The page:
A senior Australian politician has brushed off her minor breach of Maori protocol at the opening of a conference at Parliament, where she was placed in a male-only section.
Women do not usually sit in the paepae (front row) for Maori ceremonies. But at the opening of the Conference of Speakers and Presiding Officers of the Commonwealth yesterday, Australian Speaker of the House of Representatives Bronwyn Bishop was accidentally placed among the men at the front during the powhiri.
The senior politician in Tony Abbott's Liberal Party said she was not bothered by the faux pas.
"I am a member of the Standing Committee and I was told that that was where I was to sit and I did. I'll simply say that I was a good guest and sat where I was told."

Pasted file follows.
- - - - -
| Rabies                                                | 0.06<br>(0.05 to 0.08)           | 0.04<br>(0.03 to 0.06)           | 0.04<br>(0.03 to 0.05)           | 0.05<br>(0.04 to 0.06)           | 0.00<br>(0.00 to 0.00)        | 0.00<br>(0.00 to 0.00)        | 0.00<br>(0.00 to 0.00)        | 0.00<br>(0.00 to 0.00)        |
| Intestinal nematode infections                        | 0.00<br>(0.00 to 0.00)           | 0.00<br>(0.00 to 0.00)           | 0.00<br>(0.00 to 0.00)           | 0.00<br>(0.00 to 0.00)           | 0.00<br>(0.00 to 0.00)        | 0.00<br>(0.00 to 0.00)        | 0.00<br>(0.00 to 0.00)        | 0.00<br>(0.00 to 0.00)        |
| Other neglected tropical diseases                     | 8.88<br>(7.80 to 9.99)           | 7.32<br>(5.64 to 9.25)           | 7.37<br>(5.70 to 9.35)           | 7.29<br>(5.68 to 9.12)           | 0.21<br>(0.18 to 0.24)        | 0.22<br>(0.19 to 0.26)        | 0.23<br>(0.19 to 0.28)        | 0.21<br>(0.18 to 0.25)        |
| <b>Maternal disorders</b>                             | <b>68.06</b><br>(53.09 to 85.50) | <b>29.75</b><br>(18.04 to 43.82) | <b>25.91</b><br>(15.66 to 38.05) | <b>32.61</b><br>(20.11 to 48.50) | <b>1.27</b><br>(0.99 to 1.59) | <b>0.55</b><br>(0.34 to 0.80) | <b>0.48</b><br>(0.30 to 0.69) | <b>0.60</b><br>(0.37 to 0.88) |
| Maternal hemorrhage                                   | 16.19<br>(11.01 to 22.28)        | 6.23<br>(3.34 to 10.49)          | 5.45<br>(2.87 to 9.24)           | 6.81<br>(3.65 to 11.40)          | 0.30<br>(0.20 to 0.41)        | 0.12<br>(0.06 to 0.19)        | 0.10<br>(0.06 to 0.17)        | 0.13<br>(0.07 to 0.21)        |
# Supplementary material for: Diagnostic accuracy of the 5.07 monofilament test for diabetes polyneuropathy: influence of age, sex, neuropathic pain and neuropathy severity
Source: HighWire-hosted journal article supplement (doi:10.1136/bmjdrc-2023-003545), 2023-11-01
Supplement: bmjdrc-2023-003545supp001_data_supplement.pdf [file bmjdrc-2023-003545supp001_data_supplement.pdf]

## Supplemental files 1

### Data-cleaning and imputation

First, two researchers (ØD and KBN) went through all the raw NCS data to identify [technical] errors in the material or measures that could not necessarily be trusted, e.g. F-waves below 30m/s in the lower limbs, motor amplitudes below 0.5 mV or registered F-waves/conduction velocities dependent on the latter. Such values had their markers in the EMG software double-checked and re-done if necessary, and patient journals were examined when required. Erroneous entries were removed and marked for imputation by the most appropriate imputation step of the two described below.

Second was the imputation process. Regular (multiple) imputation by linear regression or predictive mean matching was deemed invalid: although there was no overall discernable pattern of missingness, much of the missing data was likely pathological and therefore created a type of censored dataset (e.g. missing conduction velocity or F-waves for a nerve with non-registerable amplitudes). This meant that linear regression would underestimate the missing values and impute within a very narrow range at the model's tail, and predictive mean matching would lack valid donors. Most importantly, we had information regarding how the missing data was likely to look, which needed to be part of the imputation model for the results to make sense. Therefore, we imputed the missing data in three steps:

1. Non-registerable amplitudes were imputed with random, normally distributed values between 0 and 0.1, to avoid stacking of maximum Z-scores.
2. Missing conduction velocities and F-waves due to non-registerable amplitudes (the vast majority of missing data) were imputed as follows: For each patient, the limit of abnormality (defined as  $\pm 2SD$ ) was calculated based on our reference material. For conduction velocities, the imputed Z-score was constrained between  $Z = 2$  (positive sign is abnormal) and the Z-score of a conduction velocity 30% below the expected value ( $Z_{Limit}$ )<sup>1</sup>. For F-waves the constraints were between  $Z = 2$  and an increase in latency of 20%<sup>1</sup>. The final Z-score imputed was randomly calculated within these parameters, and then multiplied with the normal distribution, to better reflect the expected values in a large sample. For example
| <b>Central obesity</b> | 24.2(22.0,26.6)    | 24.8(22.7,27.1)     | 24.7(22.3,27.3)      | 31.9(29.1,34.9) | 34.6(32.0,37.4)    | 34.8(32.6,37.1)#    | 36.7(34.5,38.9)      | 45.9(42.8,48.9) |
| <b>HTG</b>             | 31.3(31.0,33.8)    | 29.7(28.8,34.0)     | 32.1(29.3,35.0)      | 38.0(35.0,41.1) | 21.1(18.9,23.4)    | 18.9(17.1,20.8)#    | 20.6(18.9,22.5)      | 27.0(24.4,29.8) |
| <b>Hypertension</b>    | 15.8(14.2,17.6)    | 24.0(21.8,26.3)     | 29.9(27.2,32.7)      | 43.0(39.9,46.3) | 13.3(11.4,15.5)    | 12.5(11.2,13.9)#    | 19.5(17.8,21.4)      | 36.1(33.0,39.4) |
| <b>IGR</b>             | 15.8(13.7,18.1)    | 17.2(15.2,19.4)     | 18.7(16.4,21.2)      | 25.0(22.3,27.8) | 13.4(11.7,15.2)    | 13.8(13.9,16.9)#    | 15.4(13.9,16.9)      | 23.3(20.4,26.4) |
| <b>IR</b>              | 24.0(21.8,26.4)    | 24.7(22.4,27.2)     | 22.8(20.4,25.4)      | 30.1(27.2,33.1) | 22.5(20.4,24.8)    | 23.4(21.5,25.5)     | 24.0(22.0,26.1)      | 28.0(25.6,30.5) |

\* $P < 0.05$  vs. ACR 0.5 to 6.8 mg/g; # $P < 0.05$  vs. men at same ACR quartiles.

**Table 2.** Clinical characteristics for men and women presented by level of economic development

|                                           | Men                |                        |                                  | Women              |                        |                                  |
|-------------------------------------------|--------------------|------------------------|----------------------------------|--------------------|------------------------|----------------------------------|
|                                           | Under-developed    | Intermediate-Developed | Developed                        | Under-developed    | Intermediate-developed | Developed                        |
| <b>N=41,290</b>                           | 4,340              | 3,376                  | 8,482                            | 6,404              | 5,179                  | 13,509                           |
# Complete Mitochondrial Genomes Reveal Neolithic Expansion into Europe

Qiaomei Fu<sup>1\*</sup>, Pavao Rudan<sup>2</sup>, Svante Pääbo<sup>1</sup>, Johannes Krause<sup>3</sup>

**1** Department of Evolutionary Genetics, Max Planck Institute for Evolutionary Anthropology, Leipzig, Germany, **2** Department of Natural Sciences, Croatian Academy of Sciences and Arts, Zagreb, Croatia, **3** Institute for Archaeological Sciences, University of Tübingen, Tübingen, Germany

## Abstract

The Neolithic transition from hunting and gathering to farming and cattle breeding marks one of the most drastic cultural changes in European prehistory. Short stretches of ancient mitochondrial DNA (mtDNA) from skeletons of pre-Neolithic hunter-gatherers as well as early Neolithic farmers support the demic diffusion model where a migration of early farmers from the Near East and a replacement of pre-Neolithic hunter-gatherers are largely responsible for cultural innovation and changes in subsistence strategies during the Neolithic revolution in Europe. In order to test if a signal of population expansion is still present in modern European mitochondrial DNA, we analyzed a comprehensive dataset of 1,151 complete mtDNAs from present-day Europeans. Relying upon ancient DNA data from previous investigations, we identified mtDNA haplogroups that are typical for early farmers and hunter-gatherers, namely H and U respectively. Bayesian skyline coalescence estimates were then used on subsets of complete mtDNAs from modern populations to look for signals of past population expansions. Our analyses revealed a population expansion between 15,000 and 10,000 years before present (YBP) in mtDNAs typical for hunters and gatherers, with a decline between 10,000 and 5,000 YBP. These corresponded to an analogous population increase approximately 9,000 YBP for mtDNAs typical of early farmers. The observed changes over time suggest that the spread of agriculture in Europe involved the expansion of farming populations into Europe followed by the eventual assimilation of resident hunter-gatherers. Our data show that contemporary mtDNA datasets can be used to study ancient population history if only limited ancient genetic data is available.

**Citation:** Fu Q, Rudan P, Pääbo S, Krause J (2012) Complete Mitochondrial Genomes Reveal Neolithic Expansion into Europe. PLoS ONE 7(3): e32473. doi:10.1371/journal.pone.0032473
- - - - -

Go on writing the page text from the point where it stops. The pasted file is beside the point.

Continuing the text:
Ms Bishop was not moved from her seat.
Last year, Labour MPs Annette King and Maryan Street were asked to move from the paepae during a powhiri, an incident that prompted Speaker David Carter to call for a review and more modern kawa (protocols).
Mr Carter's review has proved divisive, with Wellington iwi Te Atiawa and Maori Party co-leader Tariana Turia staunchly opposing a change.
Others believed that the protocols undermined women's rights and needed to be modernised.
The whole argument around where women sit during these things is irrelevant in my mind. What is more important, I think, that they be called what they are - religious ceremonies. Religious ceremonies that are even in the school system, that are incredibly difficult to those of a different religious persuasion, to extricate their son or daughter from because of cultural sensitivity. That it be important that women sit in particular locations during the ceremony shows that there is a religious component to them, otherwise it would be no big deal.
Related link: Front row faux pas at powhiri ~ NZ Herald